7. I was tt at a cc up until this summer. Each new hire has a 3-year probationary period during which the college can choose not to renew the contract. I had strong support from my department and chair, but the dean and vp of academic affairs did not like that I held students to standards and didn't pander to them. So, right before my probationary period expired, I was let go. I've been devastated since then because I put my heart and soul into my work, my students, the college. Never again will I do that. In fact, I am looking at other career possibilities. I think I am finished with education/academe all together.

    If you want to keep your job, do whatever you need to do to keep the 'flakes and admin happy.

    1. Oh, dear, Mestopholita. I'm sorry. It sounds like you're better off out of that place (and like they're worse off for losing you), but I get the investment, and the devastation. I'm tempted to say "you should stay in higher ed! You're what we/the students need!," but your sanity comes first (and, as you say, it would be hard to invest yourself again so completely). May you find a job that better rewards your effort, and your skills, whether it's inside or outside of academe.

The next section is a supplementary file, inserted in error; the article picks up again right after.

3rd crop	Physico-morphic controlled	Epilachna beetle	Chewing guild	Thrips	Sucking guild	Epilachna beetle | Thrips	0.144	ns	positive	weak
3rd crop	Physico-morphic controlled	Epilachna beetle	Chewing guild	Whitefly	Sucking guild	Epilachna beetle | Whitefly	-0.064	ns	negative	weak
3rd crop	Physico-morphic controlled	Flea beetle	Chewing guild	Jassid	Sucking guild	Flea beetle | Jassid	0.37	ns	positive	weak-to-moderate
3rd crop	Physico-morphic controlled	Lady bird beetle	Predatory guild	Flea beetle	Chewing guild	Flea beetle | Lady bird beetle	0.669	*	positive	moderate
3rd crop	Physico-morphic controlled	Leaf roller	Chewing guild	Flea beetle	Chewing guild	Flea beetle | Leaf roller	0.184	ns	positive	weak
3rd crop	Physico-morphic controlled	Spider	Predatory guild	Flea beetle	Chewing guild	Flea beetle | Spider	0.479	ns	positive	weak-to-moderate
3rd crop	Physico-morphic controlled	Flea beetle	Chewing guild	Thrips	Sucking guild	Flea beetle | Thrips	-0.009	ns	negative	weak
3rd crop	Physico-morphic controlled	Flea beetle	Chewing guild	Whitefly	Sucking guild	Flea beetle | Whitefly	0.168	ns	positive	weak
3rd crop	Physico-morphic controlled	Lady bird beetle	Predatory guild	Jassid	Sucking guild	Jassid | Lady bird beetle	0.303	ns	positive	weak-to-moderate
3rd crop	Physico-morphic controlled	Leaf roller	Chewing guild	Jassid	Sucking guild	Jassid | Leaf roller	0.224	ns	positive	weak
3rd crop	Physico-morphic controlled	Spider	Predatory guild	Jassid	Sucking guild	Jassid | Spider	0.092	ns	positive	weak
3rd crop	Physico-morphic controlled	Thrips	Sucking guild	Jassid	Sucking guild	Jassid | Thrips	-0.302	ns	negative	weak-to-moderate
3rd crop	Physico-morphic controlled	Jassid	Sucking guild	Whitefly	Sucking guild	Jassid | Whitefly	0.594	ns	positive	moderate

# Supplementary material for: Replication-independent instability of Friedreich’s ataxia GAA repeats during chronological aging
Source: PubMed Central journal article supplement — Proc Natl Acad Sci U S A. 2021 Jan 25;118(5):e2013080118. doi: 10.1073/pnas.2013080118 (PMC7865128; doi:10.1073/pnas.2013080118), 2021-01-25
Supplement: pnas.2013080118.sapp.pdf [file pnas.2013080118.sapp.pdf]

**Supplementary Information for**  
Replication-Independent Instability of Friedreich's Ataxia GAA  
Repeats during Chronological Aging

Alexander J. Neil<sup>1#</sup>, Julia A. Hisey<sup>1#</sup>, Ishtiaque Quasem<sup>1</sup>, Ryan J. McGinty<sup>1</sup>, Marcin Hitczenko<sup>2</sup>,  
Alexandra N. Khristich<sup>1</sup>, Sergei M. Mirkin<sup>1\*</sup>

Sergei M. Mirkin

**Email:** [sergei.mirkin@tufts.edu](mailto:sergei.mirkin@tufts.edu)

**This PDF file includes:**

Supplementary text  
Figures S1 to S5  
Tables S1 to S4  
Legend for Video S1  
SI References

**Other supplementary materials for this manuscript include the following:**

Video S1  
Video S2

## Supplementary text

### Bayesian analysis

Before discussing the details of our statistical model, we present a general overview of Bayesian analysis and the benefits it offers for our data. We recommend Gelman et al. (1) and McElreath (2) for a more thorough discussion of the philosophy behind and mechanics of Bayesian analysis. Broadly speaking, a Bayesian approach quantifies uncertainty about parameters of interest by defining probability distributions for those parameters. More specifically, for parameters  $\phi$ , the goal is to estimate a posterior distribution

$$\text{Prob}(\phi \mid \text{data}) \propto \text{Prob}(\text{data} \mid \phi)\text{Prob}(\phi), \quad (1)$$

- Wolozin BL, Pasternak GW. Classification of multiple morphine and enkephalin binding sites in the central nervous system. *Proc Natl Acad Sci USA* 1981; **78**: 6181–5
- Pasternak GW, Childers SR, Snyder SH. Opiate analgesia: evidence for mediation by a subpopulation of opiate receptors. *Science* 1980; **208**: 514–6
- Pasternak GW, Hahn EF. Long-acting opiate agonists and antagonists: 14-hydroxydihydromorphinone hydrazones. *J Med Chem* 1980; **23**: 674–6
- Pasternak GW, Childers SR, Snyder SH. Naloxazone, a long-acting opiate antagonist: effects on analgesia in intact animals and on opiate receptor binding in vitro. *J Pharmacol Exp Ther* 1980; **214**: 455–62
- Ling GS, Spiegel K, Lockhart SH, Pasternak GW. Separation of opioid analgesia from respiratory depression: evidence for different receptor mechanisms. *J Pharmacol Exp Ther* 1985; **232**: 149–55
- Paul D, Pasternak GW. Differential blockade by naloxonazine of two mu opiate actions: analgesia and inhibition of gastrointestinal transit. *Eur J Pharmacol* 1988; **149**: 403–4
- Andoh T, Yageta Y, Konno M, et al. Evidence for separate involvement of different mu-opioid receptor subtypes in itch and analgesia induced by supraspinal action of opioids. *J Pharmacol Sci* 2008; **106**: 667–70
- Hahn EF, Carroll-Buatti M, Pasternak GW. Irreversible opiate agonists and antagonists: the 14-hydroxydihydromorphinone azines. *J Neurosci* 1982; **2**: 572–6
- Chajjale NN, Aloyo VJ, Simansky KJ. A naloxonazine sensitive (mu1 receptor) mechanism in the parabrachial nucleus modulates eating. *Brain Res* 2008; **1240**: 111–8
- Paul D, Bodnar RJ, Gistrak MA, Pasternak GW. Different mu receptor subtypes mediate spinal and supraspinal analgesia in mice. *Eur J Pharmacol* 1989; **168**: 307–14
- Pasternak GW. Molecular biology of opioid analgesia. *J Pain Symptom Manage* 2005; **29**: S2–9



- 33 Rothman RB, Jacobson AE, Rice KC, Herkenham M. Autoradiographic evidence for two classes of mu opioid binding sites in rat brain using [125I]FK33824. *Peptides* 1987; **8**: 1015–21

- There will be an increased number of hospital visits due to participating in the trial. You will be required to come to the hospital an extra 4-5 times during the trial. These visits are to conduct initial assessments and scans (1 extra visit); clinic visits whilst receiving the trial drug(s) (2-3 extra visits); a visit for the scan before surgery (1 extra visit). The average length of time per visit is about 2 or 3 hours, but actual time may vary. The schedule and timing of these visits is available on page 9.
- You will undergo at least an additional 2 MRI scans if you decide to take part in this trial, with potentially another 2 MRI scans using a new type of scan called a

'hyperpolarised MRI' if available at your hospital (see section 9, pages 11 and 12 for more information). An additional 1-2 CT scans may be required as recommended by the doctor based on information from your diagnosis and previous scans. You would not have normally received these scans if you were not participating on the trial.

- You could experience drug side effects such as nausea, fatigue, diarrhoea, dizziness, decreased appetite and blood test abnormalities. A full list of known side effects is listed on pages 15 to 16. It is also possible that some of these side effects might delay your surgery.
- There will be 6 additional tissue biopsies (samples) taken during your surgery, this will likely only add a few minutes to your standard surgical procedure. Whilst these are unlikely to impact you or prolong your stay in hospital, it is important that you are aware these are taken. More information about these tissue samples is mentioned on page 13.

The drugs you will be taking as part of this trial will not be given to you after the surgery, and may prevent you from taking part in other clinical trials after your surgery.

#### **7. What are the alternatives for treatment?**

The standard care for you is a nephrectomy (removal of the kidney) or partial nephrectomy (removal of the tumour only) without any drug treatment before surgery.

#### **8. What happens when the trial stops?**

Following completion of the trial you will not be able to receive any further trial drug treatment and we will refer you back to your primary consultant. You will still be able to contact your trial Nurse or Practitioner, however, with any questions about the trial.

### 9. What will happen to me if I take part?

2. This comment has been removed by the author.

  8. People. People, people, people. It is perfectly possible to say yes to this student request in a way that makes you happy as far as pedagogy is concerned.

    I let my students do youtube videos instead of their final papers. The requirements are exactly the same in terms of content, which essentially means they have to write out a script the length of an essay, and that I expect at least one citation slide. THEN, and this is key, you get them to peer mark each other. Students HATE when other students do a bullshit job on this stuff. One guy last year got a bunch of 1s and 0s when he presented his information with no shirt on. His content was actually pretty good, but the other students found him "disrespectful".

    The liquor store thing, you deal with the same way. "Sure! But I need that 2500 word analysis paper on your experience".

    The key here is not to let your disgust show on your face.

    My ideas on evals were on the site a week ago, so I won't repeat, but one more piece of advice: do them as early in the semester as possible.